Philip W. Rundel, Michael F. Allen, Eric A. Graham
Technological advances in sensors, sensor data logging and communication, and software management of sensor networks are providing transformative potential for new and innovative avenues ecological and ecophysiological research.
Available sensors for ecological and ecophysiological research can be divided into categories of physical sensors, chemical sensors, and biological sensors, and these are summarized with comments on cost and reliability in Table 1. Physical sensors include those for temperature, relative humidity, leaf wetness, PFD and total irradiance, and wind speed and direction. The technology for physical sensors is mature and relatively stabilized due to a large commercial base for their manufacture. However, current physical sensor technology generally does not provide three-dimensional scale of measurement to allow mapping fluxes in environmental volumes and interfaces. Sensor networks are required for most such applications, with 2-D and 3-D sonic anemometers as exceptions.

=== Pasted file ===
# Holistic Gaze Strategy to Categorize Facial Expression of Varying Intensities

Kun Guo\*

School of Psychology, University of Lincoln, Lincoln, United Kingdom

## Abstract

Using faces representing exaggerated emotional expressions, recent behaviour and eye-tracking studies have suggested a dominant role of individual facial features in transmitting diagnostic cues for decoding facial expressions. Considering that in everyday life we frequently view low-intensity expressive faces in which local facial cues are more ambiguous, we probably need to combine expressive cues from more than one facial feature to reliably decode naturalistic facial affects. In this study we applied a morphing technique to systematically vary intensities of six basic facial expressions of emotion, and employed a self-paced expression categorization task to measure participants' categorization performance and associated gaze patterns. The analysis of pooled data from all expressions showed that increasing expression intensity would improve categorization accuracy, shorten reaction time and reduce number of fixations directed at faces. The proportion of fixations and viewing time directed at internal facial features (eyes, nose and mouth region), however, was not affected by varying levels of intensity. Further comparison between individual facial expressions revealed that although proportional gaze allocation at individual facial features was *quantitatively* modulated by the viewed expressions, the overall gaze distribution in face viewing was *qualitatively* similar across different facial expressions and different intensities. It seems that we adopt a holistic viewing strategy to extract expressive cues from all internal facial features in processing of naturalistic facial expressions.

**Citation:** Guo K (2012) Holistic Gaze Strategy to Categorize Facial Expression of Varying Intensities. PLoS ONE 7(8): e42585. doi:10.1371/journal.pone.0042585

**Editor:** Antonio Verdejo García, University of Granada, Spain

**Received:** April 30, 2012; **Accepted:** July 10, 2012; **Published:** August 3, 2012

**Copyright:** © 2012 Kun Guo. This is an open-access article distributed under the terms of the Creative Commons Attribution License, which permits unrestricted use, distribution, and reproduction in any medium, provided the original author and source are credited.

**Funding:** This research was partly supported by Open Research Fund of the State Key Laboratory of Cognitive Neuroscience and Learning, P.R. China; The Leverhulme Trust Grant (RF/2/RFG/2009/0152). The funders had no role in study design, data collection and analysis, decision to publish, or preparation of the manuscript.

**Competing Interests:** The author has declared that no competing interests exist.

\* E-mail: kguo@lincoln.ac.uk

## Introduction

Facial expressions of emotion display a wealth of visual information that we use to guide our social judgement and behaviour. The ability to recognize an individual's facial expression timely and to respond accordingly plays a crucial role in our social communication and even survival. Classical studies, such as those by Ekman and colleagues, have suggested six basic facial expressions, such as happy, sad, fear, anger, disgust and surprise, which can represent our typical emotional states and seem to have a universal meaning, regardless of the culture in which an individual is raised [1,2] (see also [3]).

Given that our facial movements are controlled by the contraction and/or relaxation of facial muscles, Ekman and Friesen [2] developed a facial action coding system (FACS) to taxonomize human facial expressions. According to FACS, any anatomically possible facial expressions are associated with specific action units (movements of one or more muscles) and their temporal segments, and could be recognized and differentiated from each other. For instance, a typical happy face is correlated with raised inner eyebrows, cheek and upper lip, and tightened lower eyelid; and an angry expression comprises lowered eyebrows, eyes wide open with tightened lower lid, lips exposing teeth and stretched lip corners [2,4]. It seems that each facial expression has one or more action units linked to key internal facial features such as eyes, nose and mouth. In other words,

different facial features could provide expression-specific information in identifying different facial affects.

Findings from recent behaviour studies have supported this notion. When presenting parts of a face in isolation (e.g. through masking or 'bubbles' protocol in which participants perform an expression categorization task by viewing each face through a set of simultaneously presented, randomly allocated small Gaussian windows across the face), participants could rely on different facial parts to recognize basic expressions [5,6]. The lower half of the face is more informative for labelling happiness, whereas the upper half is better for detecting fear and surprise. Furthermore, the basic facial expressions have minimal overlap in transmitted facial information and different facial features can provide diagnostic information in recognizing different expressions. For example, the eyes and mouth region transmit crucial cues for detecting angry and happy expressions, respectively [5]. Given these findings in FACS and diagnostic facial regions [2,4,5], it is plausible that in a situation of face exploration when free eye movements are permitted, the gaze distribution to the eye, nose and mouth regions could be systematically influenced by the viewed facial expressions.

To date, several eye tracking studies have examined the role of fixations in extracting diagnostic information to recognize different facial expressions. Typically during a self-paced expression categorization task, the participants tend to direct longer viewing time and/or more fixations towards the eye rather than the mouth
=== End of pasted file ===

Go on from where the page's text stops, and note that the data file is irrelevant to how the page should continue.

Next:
Chemical sensors are widely used for measurement of atmospheric and soil CO2concentrations and fluxes, but robust sensors for inorganic, organic, and biochemistry sensing applications largely remain restricted to laboratory use. To date there are few commercially available sensors for critical chemical compounds and ions that are robust enough to measure under sustained field operation. Existing electrochemical and optical oxygen sensors are subject to biofouling after short periods of operation and require frequent calibration.
Biological sensors are those used to measure physiological functions and biological reactions in both natural and engineered ecosystems. Simple examples are sap flow sensors that provide data that can be calibrated to provide a measure of transpiration flux. Imagers, both digital cameras and soil minirhizotron cameras, are rapidly developing as important tools to provide dynamic data on both above- and belowground phenology and quantitative measures of growth dynamics. Such imagers need to be capable of long-term deployment, and should be capable of integration with other sensing devices.
The effective deployment of sensors in natural environments requires decisions on how to best provide a broad and appropriate spatial coverage of measurements for the science questions being asked. A common approach is to use multiple nodes of nested sensors, each with layers of inexpensive sensors capable of measuring temperature, radiance, and other environmental variables. Expensive, special-function instrumentation such as air flux towers and gas exchange systems can be located more sparsely. Models are available to help determine the optimum location for specialized sensors so that simple proxies derived from the higher density network, allow for broader spatial and temporal scales of data interpolation and extrapolation.